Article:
Loud & Clear with Brian Becker discusses the battle to retake the Iraq city of Mosul from ISIS.
Turkey has refused to withdraw its troops from Iraq, as a confrontation between Ankara and Baghdad picks up pace.
Will the war against Daesh be followed by yet another bloody regional conflict?
Sputnik News covered the Loud & Clear broadcast, and reports…
Ahead of the battle to retake the Iraqi city of Mosul from Daesh, Turkey has refused to withdraw its troops from Iraq, fueling an already heated confrontation with its regional neighbor.
Iraqi troops, supported by US Special Forces on the ground, are expected to begin the battle to liberate Mosul from Daesh this month, and Turkey seems to want be involved too. But the Iraqi government is not so enthusiastic about the uninvited presence of the Turks in the country and does not want Ankara to participate in the assault.
Journalist Alex Christoforou told Radio Sputnik’s Brian Becker that Turkey’s expansionist mindset could be one of the motives driving Turkish President Recep Tayyip Erdogan’s decisions. But, first and foremost, Erdogan’s actions are dictated not by Mosul’s past as a part of the Ottoman empire but by Ankara’s strong need to prevent the establishment of any kind of Kurdish state, he believes.
“[Erdogan’s] number-one priority right now is really beating back the Kurds,” Christoforou said during the Loud & Clear broadcast. “Because we all know that a Kurdish state to the south of Turkey could really mean the fragmentation of the Turkish republic as we know it.”
Journalist Alexander Mercouris noted that there are too many complicating factors in the conflict, apart from the Kurdish issue, including the fact that the Erdogan government “has become very much aligned with various Sunni forces” in the region, while the dominant force of the Iraqi government is Shia.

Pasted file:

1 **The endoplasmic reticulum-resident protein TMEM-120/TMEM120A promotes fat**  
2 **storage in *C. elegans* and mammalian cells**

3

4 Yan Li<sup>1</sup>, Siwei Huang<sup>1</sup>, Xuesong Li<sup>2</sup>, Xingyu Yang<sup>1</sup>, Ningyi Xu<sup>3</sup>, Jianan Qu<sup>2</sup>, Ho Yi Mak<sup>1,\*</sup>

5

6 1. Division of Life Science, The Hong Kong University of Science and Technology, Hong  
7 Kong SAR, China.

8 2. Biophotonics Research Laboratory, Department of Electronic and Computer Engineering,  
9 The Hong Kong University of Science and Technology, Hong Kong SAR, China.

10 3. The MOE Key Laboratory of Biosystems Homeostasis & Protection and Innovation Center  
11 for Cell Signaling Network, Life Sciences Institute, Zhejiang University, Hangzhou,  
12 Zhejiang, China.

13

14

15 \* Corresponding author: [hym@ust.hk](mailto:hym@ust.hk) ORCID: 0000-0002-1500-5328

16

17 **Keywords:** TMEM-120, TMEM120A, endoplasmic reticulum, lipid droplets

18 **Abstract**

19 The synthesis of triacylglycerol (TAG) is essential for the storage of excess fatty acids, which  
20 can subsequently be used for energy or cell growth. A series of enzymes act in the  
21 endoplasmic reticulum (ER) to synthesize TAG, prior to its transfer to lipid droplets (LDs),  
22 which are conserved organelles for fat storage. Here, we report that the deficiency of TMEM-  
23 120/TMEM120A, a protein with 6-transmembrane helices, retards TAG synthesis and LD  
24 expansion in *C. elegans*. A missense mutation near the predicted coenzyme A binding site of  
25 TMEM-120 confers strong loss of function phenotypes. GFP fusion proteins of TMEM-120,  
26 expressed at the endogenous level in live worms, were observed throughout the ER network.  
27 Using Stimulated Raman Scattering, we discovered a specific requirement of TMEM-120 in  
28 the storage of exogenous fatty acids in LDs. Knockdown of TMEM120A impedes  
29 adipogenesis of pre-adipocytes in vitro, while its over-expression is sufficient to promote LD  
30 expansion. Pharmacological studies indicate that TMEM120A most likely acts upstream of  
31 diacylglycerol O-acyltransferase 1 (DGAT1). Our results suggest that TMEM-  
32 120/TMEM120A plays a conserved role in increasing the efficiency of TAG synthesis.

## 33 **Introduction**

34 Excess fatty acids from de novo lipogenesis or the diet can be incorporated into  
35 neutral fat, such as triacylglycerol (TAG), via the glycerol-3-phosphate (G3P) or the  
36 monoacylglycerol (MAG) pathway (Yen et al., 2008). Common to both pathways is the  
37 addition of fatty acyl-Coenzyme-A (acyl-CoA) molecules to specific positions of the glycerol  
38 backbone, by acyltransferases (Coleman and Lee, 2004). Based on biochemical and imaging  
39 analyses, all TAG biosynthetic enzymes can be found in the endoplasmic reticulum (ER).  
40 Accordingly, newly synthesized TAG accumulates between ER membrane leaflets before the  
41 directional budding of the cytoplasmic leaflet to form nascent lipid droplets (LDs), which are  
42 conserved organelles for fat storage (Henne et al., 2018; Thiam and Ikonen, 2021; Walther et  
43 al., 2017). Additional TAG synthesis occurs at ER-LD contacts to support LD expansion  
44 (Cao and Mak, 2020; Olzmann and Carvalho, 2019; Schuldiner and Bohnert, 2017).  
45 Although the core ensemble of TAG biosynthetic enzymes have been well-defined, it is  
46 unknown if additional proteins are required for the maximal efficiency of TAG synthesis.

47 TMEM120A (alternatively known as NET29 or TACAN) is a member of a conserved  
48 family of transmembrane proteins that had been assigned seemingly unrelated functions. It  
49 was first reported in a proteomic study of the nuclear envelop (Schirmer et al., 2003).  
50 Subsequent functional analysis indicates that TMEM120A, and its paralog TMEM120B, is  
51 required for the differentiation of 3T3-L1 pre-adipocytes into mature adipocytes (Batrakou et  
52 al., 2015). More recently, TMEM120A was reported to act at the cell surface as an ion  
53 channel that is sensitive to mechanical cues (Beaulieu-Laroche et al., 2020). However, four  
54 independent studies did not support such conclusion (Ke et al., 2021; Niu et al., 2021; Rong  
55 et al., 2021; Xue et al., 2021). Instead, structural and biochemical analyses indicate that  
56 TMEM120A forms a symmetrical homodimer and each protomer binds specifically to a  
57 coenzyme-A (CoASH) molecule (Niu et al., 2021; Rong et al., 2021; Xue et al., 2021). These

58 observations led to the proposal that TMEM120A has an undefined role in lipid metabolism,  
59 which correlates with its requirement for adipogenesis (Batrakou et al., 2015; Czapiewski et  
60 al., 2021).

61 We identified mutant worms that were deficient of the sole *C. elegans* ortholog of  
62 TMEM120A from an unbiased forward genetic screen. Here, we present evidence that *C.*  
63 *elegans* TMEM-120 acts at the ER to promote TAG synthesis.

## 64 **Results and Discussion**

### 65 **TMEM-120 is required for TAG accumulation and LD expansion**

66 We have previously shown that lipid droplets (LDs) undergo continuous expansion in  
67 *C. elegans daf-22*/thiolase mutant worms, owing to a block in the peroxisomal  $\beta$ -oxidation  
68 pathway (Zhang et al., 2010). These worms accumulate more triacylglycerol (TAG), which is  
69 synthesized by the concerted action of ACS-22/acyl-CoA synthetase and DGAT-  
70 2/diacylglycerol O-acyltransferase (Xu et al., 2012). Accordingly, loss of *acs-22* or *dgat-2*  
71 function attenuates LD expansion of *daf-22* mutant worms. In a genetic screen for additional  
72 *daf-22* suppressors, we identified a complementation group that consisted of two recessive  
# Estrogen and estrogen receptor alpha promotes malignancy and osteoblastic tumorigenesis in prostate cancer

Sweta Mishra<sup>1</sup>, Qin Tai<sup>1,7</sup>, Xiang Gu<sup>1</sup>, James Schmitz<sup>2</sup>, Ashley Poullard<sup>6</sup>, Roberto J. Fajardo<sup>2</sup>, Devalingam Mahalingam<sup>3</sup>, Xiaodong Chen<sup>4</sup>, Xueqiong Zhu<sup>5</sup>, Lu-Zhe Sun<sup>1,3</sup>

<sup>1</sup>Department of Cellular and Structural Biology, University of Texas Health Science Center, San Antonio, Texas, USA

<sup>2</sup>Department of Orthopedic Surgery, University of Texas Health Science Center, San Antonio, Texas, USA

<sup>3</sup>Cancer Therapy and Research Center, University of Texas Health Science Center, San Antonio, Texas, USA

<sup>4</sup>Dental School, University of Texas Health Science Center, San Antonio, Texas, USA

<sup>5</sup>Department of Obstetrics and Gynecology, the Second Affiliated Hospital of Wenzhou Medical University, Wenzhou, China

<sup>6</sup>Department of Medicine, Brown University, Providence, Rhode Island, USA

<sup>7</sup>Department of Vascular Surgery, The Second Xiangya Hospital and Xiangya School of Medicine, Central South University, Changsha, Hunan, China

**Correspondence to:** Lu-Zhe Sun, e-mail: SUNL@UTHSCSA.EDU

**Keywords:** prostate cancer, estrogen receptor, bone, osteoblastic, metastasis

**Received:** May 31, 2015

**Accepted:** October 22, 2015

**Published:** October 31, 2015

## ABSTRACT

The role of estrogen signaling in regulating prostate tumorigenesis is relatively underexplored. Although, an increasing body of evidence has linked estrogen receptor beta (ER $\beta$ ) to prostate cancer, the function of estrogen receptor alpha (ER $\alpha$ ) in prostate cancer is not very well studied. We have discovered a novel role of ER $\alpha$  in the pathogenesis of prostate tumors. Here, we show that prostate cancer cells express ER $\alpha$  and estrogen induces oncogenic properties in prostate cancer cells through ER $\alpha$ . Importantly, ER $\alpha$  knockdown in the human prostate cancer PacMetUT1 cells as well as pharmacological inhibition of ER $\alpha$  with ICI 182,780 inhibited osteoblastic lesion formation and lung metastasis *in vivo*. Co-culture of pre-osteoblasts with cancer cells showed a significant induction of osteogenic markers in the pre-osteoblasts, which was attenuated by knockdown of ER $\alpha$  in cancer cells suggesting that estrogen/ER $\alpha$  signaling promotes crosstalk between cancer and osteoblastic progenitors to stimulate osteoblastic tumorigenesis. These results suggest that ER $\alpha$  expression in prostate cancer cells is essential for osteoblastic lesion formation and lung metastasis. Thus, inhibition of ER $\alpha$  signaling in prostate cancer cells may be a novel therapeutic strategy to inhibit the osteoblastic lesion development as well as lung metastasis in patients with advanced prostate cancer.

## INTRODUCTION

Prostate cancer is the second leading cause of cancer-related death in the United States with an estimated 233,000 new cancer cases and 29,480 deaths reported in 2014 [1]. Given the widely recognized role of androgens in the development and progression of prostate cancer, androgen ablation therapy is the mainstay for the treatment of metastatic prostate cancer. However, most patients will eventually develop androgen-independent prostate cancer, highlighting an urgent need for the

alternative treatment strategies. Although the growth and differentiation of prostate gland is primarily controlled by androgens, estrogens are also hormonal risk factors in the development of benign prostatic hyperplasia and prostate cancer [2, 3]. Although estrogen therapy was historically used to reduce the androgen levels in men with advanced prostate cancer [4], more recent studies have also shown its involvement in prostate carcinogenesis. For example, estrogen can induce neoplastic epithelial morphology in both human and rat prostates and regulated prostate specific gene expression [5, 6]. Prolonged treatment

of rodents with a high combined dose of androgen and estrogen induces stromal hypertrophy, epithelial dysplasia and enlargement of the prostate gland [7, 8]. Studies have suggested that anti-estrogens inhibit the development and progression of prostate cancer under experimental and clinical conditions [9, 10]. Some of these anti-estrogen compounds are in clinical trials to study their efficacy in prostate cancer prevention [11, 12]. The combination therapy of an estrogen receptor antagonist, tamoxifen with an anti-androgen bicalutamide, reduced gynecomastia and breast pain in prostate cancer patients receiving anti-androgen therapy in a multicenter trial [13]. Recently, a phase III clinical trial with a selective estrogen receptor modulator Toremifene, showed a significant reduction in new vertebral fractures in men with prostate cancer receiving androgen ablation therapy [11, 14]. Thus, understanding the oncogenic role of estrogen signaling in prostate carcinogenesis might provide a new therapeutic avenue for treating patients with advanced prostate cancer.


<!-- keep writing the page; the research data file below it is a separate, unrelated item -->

He added that although the US will do everything in its power to calm the conflict, given the opposing factors in play, it is hard to predict how things will play out.
“For the United States…the recapture of Mosul is extremely important. It was the capture of Mosul that really put Daesh on the map internationally,” Mercouris said.
“My guess is that the United States is going to be working flat out over the next few weeks to try and resolve these tensions between the Turks and the Iraqis. It will probably persuade the Turks to back off from Mosul…But at the same time I expect the tensions in Iraq, between Iraq and Turkey to continue.”
Christoforou emphasized that the fragmentation of Iraq, in which different groups had been able to live together in relative peace, was a “Pandora’s box” opened by US intervention.
“It’s the case of creating chaos in a region which previously had enjoyed a certain stability.” Mercouris agreed. “And these people who constantly advocate more war, more interference, more meddling in these regions, really ought to take a hard look at what they have already done.”